A young Yezidi girl carries her sister in a displaced persons camp in Dohuk, Iraq.

A young Yezidi girl carries her sister in a displaced persons camp in Dohuk, Iraq. —Mackenzie Knowles-Coursin for the US Holocaust Memorial Museum

In the summer of 2014, the self-proclaimed Islamic State (IS) conducted a violent campaign against civilians in northern Iraq, in particular targeting ethnic and religious minorities. In less than three months, IS decimated millennia-old communities, driving more than 800,000 people from their homes, kidnapping thousands, and killing hundreds, if not thousands, of people. In September 2015, Naomi Kikoler, deputy director of the Simon-Skjodt Center for the Prevention of Genocide, and photojournalist Mackenzie Knowles-Coursin visited the region, documenting atrocities and interviewing displaced persons. Their findings, photographs, and videos present compelling evidence of present-day terror. Read more.


The Islamic State Sows Terror

As the self-proclaimed Islamic State (IS) has rampaged through northern Iraq, it has capitalized on fear. Fear of attack, fear of kidnapping, fear of death—all have terrorized residents of the region. Fear drove people from their homes and helped IS control the areas it occupies.

Displaced Iraqis wait to receive food at a camp in Erbil. —Mackenzie Knowles-Coursin for the US Holocaust Memorial Museum

Cultivating Fear
A Devastating Choice
“I Feel a Great Sense of Fear”
A Crisis in Plain Sight
So Near, So Far


Forced from Their Homes

Many of the people targeted by the self-proclaimed Islamic State (IS) had lived in the same areas all their lives; in many cases, their families had been there for centuries. Overnight, they were driven from their homes and villages by IS, forced to flee their businesses, their houses of worship, their families and friends, the social fabric of their lives. Clutching only their most essential possessions, clinging to families that, for some, had been splintered by kidnappings and killings, the fleeing Iraqis have moved from place to place in search of safe haven.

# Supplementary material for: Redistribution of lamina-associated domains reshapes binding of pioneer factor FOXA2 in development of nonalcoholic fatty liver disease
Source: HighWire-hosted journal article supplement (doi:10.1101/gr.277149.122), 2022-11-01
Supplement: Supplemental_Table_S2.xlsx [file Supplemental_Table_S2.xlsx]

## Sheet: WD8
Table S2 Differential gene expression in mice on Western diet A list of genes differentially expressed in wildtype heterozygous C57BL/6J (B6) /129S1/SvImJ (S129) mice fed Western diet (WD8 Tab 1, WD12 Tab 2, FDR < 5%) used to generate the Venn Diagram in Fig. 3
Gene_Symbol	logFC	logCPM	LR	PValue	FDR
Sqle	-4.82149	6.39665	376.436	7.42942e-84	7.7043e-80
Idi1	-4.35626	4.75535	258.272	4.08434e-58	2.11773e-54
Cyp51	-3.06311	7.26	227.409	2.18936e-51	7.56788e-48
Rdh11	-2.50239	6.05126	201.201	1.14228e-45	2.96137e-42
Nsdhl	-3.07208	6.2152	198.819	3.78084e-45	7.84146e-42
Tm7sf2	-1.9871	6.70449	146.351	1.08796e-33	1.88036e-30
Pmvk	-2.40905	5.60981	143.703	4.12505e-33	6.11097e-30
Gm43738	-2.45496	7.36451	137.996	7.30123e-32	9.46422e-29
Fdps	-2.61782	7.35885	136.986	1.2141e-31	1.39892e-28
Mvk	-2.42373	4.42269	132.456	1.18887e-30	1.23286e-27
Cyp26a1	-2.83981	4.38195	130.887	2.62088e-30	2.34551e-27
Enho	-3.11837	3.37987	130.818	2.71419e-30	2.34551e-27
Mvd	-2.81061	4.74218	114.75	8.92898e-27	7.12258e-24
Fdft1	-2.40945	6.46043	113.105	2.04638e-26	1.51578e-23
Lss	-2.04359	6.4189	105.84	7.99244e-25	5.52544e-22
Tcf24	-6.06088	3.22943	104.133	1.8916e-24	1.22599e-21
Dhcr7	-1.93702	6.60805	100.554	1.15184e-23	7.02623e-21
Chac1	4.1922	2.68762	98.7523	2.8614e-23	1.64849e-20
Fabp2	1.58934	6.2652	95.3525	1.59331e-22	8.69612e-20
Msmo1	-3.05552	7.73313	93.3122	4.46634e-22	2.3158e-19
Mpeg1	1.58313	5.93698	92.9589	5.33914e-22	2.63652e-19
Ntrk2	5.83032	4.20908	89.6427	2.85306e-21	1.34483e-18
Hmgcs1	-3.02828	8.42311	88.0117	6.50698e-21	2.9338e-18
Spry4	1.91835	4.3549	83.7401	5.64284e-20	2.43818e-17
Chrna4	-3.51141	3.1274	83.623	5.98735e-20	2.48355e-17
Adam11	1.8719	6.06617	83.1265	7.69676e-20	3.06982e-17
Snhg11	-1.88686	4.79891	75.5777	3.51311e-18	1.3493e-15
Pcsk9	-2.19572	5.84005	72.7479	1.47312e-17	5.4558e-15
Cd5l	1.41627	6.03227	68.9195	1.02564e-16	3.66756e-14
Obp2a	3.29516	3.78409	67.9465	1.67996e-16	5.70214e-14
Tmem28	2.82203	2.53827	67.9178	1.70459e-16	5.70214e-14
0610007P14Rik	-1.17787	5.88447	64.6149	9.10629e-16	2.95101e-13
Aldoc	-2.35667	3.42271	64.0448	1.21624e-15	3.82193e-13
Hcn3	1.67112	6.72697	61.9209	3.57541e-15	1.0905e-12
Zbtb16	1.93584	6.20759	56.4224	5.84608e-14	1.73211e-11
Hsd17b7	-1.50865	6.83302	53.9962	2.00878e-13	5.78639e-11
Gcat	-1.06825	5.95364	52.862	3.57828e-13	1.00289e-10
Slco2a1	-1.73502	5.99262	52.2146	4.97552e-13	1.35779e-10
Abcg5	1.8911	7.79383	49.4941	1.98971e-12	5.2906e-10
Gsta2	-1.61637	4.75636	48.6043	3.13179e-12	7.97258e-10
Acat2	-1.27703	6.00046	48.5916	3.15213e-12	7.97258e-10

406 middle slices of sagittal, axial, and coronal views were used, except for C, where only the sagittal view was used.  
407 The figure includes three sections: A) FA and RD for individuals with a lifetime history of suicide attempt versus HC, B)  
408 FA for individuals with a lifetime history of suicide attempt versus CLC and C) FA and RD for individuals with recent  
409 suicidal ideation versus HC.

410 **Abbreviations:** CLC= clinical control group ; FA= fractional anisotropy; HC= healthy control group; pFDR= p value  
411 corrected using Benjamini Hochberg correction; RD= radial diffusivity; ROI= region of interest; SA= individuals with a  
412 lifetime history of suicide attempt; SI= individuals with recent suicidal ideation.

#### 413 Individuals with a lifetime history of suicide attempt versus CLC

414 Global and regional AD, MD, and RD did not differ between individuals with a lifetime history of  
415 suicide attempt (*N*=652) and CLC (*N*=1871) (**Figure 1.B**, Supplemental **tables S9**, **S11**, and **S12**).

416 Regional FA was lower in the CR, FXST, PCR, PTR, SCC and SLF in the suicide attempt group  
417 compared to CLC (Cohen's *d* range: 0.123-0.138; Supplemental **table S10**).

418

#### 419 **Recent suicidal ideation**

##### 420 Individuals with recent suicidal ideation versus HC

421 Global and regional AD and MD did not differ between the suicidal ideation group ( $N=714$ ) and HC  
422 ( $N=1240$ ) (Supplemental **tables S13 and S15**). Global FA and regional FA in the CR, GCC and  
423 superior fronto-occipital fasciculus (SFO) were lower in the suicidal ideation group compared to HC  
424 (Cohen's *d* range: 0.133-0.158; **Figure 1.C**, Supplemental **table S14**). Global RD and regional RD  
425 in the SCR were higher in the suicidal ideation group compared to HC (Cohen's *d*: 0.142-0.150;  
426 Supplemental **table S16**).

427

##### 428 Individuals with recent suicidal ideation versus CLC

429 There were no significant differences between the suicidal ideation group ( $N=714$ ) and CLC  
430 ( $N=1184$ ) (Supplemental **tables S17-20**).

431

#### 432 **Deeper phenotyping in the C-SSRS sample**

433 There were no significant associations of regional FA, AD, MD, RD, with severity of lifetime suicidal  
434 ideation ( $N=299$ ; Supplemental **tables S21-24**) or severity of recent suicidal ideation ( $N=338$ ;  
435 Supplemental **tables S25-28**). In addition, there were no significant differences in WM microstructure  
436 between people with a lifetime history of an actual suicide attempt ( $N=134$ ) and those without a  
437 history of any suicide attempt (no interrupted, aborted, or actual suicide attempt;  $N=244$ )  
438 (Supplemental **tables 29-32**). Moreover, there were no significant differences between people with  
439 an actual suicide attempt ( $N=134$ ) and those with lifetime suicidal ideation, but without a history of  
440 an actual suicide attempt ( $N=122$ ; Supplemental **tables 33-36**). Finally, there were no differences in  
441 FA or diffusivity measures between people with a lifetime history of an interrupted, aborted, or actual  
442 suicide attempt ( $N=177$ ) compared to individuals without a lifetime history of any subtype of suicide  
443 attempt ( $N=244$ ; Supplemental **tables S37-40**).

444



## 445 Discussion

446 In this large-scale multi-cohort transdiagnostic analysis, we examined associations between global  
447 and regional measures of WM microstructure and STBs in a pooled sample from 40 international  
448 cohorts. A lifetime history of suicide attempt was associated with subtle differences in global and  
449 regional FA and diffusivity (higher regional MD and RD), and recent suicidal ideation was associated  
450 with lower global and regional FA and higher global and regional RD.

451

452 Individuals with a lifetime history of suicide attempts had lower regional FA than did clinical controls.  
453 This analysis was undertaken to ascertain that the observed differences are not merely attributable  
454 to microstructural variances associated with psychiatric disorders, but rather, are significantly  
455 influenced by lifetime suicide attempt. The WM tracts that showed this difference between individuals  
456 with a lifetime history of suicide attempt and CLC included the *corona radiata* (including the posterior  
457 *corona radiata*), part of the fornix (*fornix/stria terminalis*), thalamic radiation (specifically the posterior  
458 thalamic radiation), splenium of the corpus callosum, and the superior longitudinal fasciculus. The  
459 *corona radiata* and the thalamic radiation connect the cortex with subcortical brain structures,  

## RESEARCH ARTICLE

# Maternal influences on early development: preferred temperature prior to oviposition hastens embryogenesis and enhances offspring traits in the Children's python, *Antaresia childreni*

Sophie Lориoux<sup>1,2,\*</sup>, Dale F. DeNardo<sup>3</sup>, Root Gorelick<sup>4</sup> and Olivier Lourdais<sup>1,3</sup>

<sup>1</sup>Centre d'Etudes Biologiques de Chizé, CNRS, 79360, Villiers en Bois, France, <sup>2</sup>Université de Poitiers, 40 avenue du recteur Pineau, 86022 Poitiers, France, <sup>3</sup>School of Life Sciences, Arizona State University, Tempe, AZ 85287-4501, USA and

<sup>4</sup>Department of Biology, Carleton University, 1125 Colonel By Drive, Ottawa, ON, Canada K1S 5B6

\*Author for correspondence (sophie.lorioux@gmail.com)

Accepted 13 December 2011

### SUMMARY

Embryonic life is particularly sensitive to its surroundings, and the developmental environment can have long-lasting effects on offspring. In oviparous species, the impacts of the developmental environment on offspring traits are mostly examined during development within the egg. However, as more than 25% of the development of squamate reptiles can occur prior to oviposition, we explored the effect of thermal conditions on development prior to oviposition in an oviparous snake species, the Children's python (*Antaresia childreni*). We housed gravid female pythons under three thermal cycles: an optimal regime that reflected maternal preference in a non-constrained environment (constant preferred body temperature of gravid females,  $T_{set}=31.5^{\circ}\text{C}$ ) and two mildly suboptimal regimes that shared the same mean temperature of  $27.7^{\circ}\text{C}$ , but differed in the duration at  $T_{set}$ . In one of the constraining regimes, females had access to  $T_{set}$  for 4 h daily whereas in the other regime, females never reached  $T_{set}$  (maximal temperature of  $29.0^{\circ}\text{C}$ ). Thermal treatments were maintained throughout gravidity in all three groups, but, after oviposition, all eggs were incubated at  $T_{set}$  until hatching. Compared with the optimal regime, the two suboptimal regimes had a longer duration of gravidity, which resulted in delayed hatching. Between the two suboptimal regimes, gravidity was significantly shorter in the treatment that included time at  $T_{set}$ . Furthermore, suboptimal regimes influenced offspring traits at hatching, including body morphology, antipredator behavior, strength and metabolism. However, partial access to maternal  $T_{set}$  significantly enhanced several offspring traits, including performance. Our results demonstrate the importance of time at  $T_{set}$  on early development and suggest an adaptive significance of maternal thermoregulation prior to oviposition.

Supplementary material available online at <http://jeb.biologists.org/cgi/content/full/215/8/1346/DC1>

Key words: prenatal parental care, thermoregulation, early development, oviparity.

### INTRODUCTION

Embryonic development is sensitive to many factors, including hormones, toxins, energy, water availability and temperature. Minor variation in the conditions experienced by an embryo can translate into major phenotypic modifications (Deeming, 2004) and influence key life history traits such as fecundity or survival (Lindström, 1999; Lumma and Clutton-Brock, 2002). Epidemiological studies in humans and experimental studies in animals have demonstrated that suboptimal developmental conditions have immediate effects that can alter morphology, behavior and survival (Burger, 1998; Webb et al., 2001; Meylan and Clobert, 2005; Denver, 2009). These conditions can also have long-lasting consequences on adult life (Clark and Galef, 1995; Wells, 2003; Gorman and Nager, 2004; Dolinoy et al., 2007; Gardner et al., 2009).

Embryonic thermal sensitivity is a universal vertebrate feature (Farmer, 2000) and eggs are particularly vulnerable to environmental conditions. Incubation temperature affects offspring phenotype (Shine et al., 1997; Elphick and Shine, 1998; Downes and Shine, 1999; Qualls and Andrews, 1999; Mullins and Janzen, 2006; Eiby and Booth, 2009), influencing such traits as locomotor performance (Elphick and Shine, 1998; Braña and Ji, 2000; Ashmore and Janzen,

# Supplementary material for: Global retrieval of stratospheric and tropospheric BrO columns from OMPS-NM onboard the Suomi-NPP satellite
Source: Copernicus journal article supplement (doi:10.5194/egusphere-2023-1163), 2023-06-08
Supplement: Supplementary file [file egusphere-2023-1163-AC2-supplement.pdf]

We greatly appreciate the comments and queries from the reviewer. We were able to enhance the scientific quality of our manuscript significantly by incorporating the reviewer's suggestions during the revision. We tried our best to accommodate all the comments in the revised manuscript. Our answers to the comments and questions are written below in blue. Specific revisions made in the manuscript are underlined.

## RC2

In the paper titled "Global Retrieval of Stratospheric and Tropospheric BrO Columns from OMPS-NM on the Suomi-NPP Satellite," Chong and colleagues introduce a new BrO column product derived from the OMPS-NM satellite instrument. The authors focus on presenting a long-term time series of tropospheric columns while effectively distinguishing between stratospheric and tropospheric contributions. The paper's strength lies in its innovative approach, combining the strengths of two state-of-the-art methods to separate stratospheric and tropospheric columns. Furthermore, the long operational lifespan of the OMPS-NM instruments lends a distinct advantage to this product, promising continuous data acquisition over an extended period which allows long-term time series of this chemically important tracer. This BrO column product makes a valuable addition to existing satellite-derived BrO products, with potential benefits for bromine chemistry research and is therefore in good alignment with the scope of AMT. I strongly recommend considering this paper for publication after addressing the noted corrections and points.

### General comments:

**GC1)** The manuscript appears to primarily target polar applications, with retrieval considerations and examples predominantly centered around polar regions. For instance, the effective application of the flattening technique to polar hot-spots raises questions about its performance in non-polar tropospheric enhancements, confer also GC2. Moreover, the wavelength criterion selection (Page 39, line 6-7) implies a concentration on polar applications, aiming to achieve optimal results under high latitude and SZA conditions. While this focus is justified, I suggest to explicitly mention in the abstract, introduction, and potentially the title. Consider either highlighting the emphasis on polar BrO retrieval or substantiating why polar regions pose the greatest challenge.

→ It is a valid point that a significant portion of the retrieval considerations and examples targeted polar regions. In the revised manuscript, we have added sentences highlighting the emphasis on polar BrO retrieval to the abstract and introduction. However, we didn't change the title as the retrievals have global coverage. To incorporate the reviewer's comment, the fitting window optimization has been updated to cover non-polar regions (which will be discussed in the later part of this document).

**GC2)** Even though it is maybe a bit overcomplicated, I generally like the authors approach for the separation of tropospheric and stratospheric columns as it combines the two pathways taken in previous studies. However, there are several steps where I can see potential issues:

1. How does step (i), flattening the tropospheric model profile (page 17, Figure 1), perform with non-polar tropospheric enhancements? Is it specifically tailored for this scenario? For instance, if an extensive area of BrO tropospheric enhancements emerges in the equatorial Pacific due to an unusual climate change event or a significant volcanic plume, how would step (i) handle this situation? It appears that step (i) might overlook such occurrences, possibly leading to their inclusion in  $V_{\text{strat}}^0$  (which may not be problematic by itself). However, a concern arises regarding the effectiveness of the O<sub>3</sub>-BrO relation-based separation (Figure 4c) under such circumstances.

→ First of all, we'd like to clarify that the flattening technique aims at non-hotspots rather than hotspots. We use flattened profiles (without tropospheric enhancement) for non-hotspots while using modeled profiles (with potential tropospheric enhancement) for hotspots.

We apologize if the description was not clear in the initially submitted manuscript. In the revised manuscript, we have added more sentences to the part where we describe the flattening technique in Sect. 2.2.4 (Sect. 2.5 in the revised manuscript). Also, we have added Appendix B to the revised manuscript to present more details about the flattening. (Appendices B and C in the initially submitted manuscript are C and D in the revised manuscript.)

A group of displaced Iraqis at a camp near Erbil. —Mackenzie Knowles-Coursin for the US Holocaust Memorial Museum

On the Run
Strong in Her Faith
“I Thought We Would Die on That Mountain.”
“We Hope They Are Alive.”


Communities—and People—Are Gone

The plight of the Iraqi minorities was a tragedy on multiple levels. In at least one case, hundreds of residents of a village were killed by fighters of the self-proclaimed Islamic State (IS). But in many other cases, people were driven from their homes, their businesses, their friends, and their houses of worship and forced to begin again. In effect, their cultures and communities were uprooted.

A Sunni man prays as the sun sets over a displaced-persons camp outside Erbil. —Mackenzie Knowles-Coursin for the US Holocaust Memorial Museum

Living in Fear
A Massacre in Ninewa
“We Don’t Know Where They Are.”
“They Put Them in Cars and Drove Away”
“Today Our People Live in Despair”


Clinging to Identity

Practically overnight, comfortable lives came to an end, torn irrevocably. Uprooted from their homes, businesses, and communities, the people of northern Iraq have found themselves living in horrible, strange conditions, trying to make the best of a world that has been changed by mass violence.

An elderly Yezidi woman tends to a number of young children beside the half-constructed building in which they live in Duhok. —Mackenzie Knowles-Coursin for the US Holocaust Memorial Museum

Making a New Life
Life in the Camps
“We Want to Return to Our Homes"

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